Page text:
That may mean not eating enough, or becoming a compulsive eater and eating too much. If you’re worried that this is affecting you, it’s important that you talk to an adult you can trust about what you’re feeling and what’s happening. You can find more information about eating disorders at thesite.org there are lots of organisations that can help you if you are suffering from an eating disorder, but a good place to start is the Beat website for young people.

I’m feeling scared or having panic attacks...

Problems with anxiety are really common, and as many as one in six young people will experience an anxiety problem at some point in their lives. Anxiety is the feeling of fear or panic. Most people feel anxious, panicky or fearful about situations in life, although usually once the difficult situation is over, you feel better and calmer. Sometimes, after a difficult experience such as being a victim of crime, the feelings of fear or anxiety continue, and can affect the way you do every day things.

Symptoms of anxiety include feeling frightened or nervous all the time. You may also feel down or depressed, be unable to concentrate on things, and feel tired and irritable. Physically you might have palpitations or a racing of your heart, dry mouth, trembling, faintness and you may experience stomach cramps or diarrhoea.

Panic attacks are feelings of extreme anxiety that can happen without any warning, and that usually last for about ten minutes. You may have difficulties breathing, and feel panicky and out of control. The feelings gradually calm down and go away, but they can leave you feeling quite shaken.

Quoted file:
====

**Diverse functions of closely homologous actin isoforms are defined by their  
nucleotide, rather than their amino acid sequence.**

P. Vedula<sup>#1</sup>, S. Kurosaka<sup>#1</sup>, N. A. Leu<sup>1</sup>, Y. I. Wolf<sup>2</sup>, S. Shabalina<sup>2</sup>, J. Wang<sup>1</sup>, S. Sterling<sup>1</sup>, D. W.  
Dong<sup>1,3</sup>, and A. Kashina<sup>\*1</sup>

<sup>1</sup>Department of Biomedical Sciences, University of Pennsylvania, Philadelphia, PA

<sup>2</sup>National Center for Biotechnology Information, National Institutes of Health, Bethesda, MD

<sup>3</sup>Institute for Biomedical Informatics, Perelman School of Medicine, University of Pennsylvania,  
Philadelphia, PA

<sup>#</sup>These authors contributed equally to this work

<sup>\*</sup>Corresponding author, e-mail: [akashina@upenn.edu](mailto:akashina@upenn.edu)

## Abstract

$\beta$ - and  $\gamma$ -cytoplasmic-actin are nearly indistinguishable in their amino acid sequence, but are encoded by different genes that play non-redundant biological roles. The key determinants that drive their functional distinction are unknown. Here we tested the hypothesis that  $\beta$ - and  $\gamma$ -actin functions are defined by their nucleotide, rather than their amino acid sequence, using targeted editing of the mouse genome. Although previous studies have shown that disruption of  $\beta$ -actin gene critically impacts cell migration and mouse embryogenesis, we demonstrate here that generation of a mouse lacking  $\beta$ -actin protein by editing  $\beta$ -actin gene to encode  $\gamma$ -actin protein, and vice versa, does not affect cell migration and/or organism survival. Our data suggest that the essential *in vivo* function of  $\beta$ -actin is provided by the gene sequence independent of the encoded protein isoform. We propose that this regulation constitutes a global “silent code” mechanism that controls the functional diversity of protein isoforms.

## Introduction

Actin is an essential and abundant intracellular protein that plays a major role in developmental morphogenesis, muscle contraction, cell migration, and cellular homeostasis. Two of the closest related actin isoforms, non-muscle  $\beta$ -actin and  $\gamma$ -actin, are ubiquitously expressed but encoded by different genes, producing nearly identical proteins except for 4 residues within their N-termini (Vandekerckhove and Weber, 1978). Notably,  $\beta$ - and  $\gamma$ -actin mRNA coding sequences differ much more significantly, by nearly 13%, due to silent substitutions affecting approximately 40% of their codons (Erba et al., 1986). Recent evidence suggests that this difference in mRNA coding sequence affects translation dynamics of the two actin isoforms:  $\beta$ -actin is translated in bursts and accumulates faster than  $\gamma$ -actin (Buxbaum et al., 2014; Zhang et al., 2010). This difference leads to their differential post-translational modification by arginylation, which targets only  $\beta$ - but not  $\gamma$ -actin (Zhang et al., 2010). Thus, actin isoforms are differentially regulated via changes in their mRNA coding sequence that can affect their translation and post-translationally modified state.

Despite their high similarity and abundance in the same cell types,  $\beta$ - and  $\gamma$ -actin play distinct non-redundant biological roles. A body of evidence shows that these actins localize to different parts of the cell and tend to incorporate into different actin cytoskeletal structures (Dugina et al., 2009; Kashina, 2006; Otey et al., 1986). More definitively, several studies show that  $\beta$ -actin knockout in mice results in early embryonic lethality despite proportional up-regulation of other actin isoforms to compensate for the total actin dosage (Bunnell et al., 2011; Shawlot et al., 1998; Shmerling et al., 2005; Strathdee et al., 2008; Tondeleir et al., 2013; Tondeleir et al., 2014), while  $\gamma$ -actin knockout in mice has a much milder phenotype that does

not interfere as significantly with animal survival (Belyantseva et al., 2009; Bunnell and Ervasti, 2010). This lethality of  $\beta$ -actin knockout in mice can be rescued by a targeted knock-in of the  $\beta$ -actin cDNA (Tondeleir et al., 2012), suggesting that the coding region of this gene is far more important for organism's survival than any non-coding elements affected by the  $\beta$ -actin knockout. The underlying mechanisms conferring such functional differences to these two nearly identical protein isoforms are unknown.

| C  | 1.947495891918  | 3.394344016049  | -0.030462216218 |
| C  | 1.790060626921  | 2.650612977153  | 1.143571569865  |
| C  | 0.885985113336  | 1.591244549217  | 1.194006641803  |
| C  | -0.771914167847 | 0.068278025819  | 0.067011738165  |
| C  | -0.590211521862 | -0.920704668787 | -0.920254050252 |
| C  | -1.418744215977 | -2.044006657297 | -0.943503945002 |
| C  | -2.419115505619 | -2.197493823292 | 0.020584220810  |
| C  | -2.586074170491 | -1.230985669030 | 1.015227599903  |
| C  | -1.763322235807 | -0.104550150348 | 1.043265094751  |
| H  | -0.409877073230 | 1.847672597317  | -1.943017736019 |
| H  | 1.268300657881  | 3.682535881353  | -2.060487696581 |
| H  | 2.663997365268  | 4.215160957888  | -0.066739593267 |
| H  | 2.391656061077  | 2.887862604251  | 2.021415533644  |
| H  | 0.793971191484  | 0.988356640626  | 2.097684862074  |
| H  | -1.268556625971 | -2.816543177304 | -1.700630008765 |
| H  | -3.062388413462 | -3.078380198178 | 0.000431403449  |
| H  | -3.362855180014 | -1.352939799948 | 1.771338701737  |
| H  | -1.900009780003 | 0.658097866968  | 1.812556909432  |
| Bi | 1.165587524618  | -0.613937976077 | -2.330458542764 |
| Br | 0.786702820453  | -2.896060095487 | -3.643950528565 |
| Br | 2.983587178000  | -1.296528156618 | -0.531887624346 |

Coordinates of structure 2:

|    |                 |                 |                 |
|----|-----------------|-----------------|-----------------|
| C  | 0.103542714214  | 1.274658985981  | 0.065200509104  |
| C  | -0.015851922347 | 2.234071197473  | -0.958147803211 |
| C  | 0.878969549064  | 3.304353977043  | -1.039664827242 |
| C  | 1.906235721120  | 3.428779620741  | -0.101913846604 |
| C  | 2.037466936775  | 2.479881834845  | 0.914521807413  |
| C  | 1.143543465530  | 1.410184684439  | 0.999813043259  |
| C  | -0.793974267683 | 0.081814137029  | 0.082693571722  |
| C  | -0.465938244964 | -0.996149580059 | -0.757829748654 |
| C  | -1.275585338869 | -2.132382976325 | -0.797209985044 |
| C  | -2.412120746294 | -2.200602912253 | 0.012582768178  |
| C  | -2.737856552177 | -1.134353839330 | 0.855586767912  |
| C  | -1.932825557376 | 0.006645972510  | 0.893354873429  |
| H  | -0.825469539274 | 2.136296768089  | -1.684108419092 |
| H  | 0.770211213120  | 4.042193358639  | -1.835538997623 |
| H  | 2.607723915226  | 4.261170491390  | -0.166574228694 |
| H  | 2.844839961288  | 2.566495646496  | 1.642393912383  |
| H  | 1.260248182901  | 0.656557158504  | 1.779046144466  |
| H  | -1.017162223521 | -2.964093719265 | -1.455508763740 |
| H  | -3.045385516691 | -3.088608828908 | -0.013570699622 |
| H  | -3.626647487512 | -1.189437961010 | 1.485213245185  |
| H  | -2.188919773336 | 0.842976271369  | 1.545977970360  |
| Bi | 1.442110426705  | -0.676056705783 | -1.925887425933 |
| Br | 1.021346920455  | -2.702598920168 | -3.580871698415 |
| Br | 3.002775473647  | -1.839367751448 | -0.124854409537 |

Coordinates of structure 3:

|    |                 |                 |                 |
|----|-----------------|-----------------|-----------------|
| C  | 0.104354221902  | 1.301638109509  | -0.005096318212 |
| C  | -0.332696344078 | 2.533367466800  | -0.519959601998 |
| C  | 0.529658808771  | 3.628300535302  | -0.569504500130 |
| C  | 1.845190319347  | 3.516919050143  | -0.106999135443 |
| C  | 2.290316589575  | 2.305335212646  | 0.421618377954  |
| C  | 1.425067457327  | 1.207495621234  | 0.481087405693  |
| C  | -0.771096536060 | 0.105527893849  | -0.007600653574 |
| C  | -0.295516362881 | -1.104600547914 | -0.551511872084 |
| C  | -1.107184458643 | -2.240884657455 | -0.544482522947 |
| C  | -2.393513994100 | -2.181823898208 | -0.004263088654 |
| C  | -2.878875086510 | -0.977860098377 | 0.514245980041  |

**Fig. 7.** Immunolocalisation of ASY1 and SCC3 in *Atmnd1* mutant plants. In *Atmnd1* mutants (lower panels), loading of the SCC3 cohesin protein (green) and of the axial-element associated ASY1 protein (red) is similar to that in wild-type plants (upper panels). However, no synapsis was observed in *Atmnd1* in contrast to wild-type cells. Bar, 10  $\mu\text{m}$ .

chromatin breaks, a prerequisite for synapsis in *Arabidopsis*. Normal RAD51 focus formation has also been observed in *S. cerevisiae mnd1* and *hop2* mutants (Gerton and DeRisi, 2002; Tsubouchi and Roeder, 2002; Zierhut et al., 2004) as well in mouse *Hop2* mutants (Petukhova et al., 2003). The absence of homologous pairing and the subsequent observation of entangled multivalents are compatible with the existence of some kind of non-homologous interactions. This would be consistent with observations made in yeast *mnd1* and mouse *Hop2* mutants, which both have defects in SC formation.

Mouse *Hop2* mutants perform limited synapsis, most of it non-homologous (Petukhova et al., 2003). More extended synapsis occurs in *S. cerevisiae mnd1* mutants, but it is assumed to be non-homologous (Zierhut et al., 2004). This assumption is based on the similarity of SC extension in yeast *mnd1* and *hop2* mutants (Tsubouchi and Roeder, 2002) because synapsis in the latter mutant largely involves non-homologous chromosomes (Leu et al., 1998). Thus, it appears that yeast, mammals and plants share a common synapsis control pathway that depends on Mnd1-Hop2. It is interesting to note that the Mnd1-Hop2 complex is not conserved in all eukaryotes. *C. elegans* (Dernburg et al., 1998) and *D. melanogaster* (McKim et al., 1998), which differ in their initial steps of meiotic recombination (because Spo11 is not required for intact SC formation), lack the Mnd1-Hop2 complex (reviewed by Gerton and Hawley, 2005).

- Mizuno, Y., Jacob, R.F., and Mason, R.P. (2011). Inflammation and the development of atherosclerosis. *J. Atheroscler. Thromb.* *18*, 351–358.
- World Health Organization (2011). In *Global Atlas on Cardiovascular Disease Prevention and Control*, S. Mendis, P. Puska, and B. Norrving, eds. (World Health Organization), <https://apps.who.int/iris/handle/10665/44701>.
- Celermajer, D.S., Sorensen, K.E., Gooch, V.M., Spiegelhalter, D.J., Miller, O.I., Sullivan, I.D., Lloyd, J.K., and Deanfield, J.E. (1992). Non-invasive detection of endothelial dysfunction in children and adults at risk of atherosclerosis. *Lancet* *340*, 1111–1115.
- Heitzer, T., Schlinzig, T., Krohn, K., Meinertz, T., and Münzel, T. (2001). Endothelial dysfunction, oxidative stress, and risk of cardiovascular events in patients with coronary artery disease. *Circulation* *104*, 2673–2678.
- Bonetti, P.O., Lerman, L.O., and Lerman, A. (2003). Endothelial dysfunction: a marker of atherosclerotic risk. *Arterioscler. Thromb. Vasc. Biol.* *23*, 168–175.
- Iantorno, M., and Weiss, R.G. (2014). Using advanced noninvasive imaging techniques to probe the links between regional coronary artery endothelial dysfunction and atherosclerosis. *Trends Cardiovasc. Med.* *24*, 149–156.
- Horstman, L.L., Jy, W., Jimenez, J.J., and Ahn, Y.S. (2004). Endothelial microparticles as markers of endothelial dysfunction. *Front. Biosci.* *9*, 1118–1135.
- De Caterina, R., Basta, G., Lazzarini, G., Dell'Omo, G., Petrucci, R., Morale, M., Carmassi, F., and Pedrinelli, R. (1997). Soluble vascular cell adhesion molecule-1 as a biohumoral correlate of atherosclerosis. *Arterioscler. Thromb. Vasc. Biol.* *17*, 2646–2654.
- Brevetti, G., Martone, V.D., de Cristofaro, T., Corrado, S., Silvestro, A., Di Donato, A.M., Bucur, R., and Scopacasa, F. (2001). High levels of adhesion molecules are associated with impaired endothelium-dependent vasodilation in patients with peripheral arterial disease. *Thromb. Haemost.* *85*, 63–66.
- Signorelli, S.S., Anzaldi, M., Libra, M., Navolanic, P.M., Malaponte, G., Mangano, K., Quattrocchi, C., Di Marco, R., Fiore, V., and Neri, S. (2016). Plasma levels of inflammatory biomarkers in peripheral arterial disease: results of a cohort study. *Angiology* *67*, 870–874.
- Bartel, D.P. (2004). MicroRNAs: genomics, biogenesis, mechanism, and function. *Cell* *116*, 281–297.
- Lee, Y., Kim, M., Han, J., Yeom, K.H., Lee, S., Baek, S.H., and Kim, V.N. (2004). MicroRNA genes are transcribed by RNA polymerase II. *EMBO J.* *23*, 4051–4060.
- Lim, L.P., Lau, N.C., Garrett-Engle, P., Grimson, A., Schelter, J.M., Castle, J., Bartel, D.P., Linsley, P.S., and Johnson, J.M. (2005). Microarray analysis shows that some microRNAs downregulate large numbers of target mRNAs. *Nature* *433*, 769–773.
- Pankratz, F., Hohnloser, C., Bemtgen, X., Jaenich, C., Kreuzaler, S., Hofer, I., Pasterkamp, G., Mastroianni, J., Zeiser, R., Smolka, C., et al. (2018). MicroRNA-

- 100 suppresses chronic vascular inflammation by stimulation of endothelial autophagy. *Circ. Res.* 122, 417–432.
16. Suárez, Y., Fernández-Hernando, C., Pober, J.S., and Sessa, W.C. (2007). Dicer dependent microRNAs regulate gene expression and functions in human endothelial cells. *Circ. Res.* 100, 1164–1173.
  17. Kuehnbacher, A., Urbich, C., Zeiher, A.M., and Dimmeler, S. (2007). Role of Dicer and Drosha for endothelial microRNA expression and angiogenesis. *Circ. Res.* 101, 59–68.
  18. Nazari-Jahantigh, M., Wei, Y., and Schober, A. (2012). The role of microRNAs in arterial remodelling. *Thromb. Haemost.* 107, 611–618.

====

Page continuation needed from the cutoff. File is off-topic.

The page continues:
Although they can be scary, anxiety problems and panic attacks affect a lot of people, and there is plenty of help and support available. Young Minds has a lot of information on what anxiety is, and what help you can get, while Anxiety UK  has a whole section on how anxiety affects young people, and what you can do to cope. It also really helps to talk to an adult you can trust about what you’re feeling and what’s happening.

I’m self-harming – or I think I might...

Self-harm can be really hard to understand, but it’s a lot more common than some people think. Between one in 12 and one in 15 people self-harm. It usually means doing things such as cutting or burning yourself, causing bruising, pulling out your hair, or biting your nails excessively, and it can also include eating disorders, and drug and alcohol abuse.

You may self-harm if you are feeling anxious, depressed or stressed, or if you are being bullied and feel that you do not have support or a way to deal with your problems. In some cases you may self-harm to relieve tension, to try and gain control of the issues that may be concerning you, or to punish yourself. Young people who self-harm often talk about the ‘release’ that they feel after they have self-harmed, as they use it as a mechanism to cope with their problems.

While it’s a more common issue than people often realise, it can be harmful, so it’s important to get help. If you can, try and talk to someone you know well and you can trust – whether it’s a parent or relative, a teacher, school nurse, friend or youth worker – but if you don’t feel like you can confide in anyone you know, then go and talk to your doctor or arrange to talk to a counsellor. There are specific guidelines for doctors and medical staff to follow when helping anyone who self-harms, including treating you with respect and dignity, and making sure your injuries are treated straight away. You won’t be judged or ignored. You may also be referred to the Child and Adolescent Mental Health Service (CAMHS) team who can provide you with more specialist help.

There is also a lot of support and advice available online, including at Childline and Young Minds; both sites also share the experiences of other young people who have self-harmed, and how they have coped with it.